Disclaimer: I have this stupid penchant for making non-trivial changes (OS switches, drive swaps) to my laptops before doing something big like my training class this past week. I’ve fought that urge for the past few months because I’ve been on the road and didn’t want to cause myself unnecessary pain and heartache. Keep this in mind. I should have learned a drive change isn’t simple. And boy, this time I almost completely shot myself in the foot.
The original goal was to just change out the 512GB for the 1TB and leave my current Windows 7/Windows Server 2008 R2 dual boot. I have Paragon Partition Manager, so I was just going to clone the drive and change the partition sizes. Oh, if it had been that easy you wouldn’t be reading this blog post. No matter what I tried, I was getting errors. I ran surface tests – the new drive itself was fine. After about five hours of this, I was deleting the partitions (yet again) on the OCZ. Or so I thought. Unfortunately, I must have not been paying attention because I basically blew away my partitions on the 512GB SSD. Cue sad trombone.
My first thought when I knew I was in a bad state: crap – when was the last time I made a backup of any of this stuff and would I need to use it? It was somewhat recently, but not completely up to date. Worst case, I would lose minimal data. My work e-mail is all in Exchange and on a server, so I knew I had that (and since the documentation I do I send to customers and such, a lot of newer stuff would be there even if not in a backup). All was not bleak.
Before you ask, “Hey dummy, why didn’t you make a backup first of your data?” Well, the primary reason is that I was working mainly with the new drive and I wasn’t changing anything on the old and I knew I had a lot of it elsewhere where I could get it or recreate it. So in my risk mitigation, I deemed that low. Since I had been doing things right for hours, the odds of me screwing up were small. Well, I hit the magic window alright. To be honest, I’ve done this a lot in the past so again, the risk from my perspective was minimal.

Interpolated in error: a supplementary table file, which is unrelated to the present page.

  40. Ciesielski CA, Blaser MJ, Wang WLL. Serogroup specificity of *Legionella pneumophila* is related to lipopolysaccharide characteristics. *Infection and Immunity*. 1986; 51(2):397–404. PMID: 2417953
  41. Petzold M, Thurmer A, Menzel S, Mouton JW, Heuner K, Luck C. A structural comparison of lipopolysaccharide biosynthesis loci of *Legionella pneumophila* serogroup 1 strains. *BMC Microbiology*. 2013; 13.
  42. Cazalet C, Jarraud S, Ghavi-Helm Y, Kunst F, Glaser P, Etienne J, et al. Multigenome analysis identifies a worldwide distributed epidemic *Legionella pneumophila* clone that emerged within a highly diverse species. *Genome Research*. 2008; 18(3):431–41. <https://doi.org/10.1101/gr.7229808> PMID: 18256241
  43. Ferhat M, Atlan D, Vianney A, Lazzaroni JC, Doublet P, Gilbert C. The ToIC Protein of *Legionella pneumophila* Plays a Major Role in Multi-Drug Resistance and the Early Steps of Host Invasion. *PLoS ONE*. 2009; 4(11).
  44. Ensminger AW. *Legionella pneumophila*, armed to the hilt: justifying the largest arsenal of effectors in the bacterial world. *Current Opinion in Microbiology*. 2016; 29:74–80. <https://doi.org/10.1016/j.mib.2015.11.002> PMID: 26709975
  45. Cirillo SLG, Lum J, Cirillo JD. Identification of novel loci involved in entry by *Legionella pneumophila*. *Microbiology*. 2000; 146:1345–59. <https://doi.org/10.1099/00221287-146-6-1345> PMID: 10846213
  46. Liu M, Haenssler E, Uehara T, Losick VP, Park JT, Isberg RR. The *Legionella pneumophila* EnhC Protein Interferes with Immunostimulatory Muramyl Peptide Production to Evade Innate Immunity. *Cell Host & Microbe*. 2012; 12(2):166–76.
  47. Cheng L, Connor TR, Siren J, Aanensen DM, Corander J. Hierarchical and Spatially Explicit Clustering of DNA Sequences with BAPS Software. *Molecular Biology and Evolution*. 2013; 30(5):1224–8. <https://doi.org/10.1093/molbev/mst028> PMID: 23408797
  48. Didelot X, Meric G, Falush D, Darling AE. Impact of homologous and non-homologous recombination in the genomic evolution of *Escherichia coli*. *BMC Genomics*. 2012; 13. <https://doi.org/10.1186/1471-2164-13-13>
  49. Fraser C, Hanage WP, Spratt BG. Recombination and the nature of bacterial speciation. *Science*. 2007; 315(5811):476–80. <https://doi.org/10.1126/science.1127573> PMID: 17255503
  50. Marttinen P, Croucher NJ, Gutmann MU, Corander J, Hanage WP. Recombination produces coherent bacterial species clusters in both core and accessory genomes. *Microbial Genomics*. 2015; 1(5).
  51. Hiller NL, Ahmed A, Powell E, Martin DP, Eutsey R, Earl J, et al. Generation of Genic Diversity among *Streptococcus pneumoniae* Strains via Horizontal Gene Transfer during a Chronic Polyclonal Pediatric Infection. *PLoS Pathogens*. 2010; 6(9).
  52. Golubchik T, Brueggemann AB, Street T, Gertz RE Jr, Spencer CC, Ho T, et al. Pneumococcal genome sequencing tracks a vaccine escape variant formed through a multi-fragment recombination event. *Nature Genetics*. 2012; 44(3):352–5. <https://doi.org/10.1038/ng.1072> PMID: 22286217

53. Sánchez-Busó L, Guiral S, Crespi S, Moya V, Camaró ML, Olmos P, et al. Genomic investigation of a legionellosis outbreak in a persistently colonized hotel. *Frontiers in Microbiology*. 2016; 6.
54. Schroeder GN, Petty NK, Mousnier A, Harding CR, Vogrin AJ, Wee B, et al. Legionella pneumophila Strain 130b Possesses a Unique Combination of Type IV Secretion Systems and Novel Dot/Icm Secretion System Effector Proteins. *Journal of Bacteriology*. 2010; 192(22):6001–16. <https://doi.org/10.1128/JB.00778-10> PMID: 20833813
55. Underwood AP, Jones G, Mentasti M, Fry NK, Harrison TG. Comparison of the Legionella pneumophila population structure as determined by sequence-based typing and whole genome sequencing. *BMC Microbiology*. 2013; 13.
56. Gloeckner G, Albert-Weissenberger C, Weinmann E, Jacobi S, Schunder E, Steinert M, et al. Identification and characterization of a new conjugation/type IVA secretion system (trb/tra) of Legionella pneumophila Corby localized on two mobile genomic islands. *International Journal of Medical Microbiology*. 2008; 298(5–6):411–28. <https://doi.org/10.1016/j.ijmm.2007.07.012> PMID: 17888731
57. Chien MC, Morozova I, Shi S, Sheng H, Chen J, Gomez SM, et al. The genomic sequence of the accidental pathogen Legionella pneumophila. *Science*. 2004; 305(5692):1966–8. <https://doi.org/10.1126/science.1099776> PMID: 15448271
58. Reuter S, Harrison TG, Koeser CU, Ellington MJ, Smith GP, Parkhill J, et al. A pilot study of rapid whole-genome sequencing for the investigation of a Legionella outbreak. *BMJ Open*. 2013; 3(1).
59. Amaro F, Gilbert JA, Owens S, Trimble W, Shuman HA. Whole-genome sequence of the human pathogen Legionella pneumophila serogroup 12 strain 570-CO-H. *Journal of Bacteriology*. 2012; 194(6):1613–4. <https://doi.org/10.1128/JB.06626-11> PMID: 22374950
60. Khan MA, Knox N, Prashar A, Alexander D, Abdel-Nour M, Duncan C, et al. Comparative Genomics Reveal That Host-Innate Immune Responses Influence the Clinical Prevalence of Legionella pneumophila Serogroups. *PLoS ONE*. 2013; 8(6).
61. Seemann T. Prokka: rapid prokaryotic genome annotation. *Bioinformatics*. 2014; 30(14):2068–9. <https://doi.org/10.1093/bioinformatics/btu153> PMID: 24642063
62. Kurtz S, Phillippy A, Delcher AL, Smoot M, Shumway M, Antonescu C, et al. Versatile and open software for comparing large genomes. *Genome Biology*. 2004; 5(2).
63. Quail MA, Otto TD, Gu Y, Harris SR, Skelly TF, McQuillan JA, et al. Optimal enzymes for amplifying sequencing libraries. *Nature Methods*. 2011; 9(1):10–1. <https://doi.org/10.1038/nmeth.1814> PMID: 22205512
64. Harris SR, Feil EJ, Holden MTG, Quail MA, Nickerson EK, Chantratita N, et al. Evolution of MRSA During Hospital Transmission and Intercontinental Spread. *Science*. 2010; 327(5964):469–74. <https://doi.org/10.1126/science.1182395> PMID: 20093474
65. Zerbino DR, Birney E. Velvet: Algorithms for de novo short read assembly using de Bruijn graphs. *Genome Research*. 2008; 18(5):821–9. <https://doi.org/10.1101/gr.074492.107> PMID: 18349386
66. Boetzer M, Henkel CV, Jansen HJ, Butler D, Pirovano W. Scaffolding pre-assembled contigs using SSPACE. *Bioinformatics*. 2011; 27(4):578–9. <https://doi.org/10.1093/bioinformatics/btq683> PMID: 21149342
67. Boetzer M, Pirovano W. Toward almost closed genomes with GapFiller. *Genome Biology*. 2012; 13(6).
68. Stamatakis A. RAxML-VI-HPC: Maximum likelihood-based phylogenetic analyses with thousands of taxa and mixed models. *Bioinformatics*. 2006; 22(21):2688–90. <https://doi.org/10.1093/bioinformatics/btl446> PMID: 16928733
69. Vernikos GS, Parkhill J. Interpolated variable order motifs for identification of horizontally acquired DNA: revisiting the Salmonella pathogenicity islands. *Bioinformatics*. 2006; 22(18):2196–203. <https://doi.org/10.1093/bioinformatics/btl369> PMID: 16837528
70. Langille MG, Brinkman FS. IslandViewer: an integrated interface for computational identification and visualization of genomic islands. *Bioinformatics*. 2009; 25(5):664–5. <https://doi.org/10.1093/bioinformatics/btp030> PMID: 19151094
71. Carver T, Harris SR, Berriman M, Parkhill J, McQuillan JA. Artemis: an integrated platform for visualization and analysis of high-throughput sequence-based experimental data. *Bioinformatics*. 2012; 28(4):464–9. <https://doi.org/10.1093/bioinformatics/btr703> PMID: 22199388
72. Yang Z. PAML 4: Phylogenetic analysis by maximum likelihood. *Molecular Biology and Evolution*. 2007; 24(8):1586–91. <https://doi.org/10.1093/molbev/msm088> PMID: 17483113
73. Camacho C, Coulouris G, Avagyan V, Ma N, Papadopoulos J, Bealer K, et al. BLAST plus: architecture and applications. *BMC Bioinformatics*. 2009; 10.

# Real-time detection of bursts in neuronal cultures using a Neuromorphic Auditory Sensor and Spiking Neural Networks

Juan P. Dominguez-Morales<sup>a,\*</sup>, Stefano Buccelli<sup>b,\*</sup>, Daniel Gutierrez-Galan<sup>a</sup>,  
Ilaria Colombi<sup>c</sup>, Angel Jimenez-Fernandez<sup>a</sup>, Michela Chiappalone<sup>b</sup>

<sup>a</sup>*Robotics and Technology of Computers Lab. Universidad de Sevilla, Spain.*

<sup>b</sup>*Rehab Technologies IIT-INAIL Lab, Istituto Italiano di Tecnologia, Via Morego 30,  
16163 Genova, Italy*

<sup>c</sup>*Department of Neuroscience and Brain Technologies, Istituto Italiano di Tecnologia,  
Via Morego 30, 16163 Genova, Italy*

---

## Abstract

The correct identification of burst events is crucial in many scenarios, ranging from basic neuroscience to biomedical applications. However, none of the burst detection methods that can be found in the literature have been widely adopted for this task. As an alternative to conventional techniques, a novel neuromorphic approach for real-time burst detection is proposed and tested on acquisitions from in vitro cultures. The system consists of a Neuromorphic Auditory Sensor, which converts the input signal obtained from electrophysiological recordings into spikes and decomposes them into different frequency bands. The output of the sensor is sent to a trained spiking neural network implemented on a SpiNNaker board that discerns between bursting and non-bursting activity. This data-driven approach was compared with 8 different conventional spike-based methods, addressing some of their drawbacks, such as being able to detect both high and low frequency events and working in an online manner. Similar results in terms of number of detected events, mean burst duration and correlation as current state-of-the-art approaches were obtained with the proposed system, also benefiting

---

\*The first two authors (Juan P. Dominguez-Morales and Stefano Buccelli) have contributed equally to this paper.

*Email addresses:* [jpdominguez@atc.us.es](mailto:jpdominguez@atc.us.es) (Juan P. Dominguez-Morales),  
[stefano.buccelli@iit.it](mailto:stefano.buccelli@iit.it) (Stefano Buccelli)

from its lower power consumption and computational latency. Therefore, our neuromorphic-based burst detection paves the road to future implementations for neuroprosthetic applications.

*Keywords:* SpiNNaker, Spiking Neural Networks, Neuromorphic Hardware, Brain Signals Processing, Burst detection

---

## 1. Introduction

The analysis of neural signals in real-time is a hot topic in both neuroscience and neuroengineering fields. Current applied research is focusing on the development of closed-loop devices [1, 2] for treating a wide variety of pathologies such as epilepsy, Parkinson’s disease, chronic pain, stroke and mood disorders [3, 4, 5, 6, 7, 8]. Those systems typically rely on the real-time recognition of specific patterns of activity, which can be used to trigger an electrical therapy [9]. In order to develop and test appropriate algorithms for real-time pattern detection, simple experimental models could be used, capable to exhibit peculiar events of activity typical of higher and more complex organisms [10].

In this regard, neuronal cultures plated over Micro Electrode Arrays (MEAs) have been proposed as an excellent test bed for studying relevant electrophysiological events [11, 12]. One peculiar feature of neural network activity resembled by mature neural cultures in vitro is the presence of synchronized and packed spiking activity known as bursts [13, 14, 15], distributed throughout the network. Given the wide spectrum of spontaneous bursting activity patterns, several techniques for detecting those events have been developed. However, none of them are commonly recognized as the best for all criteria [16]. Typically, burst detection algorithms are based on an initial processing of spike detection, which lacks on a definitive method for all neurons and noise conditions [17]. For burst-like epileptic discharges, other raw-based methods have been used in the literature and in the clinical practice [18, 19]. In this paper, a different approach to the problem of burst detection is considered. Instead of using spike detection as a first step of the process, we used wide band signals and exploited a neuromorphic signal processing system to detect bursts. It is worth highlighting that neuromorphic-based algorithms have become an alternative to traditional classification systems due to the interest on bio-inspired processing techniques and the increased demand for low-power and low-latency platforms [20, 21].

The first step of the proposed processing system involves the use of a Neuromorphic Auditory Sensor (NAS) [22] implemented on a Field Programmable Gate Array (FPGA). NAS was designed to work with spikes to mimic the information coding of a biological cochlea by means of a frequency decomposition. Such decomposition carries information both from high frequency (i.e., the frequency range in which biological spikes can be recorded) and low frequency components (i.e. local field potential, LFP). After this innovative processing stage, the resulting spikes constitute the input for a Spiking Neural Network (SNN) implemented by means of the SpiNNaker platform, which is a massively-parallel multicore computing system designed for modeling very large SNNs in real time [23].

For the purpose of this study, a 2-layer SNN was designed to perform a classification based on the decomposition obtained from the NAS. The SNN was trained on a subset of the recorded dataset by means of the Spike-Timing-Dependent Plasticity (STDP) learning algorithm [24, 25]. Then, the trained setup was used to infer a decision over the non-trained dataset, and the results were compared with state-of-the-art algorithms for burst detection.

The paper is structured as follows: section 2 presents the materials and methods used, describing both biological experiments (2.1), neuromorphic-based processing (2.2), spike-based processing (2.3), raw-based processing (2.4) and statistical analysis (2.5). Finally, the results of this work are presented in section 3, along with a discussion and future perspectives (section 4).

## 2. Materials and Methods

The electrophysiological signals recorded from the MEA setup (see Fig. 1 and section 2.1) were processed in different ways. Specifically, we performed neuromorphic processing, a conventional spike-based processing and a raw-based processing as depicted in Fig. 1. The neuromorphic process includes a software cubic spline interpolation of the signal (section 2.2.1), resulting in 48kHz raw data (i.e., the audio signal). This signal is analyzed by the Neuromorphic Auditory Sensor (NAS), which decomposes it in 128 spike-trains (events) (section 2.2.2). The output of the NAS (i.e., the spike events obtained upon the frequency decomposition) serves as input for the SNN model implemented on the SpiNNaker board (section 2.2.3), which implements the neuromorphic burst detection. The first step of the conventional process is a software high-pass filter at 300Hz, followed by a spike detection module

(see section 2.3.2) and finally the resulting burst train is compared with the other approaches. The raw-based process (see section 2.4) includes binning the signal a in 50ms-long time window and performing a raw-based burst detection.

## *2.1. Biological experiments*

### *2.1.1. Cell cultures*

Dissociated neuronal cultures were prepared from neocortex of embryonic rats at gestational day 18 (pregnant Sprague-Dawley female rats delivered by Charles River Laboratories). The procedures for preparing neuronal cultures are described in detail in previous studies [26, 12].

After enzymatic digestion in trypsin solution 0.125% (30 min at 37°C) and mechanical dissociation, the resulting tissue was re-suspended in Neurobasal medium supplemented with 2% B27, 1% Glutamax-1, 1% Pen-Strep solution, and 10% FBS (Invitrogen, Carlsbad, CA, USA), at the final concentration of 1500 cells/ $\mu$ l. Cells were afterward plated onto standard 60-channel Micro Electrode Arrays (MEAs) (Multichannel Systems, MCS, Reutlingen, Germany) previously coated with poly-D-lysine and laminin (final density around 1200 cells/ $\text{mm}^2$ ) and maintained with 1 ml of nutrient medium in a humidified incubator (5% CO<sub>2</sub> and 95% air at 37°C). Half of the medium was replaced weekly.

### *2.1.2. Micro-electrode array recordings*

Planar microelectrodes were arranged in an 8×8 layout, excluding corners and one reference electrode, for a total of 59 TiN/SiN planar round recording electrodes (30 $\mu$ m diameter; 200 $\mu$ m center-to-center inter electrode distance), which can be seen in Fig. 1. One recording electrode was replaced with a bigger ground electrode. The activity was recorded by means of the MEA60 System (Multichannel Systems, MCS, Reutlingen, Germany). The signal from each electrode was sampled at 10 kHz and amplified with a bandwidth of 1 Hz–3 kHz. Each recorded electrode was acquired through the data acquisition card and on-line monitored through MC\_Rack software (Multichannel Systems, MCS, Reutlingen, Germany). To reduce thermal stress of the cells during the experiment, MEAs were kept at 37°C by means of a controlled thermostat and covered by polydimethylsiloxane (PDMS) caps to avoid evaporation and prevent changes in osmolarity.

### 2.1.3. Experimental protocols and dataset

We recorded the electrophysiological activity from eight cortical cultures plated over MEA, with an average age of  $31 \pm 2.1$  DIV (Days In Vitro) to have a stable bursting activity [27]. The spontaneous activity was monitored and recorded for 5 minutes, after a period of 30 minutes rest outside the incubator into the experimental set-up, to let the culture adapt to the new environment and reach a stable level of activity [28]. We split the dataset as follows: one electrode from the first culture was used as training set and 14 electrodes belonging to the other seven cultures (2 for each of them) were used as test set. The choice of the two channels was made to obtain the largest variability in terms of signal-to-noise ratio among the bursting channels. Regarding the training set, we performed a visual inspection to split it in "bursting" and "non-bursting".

I stopped and took stock of where I was: how would I go forward, regardless of the backup situation and what I had. In any disaster recovery drill, it’s one thing you need to do. Be calm, have a level head, and make smart decisions. I already did something monumentally stupid. The first decision I made was to take the 512GB out, put the 1TB in, and then put an OS on it just to get started (should have done that to begin with in hindsight). I installed Windows 7, and then made “the” decision – since I basically was starting fresh and we’re at RC, I’ll install Windows 8 – Metro UI warts and all. No time like the present. I got my OS up and running, and then installed Windows Server 2008 R2 for dual booting. I even got most of the Panasonic utilities working under Windows 8 – the only thing that isn’t working at the moment is the touch pad which is a shame because of the way the rounded touchpad should work. But the important stuff – function keys changing brightness, audio volume, selecting display for presentations – all work. Most of the hardware (sound card, display, USB 3) had drivers built-in. This was arguably better than the Windows 7 experience. In the roughly 24 hours since installing Windows 8, I still dislike Metro but have found ways to work around most of the stuff I hate and overall, it’s much faster than Windows 7 on this laptop. I’m surprised by it because Windows 7 was pretty zippy. If I didn’t bring up a menu to select between the two OSes (8 and Windows Server 2008 R2), it would boot even faster. This switch has also gotten rid of a nagging issue I had with the Crucial M4 where it would randomly spin up I/O for a minute or two (usually right after logging in, but sometimes before) and I’d have to wait until I could do anything on the laptop.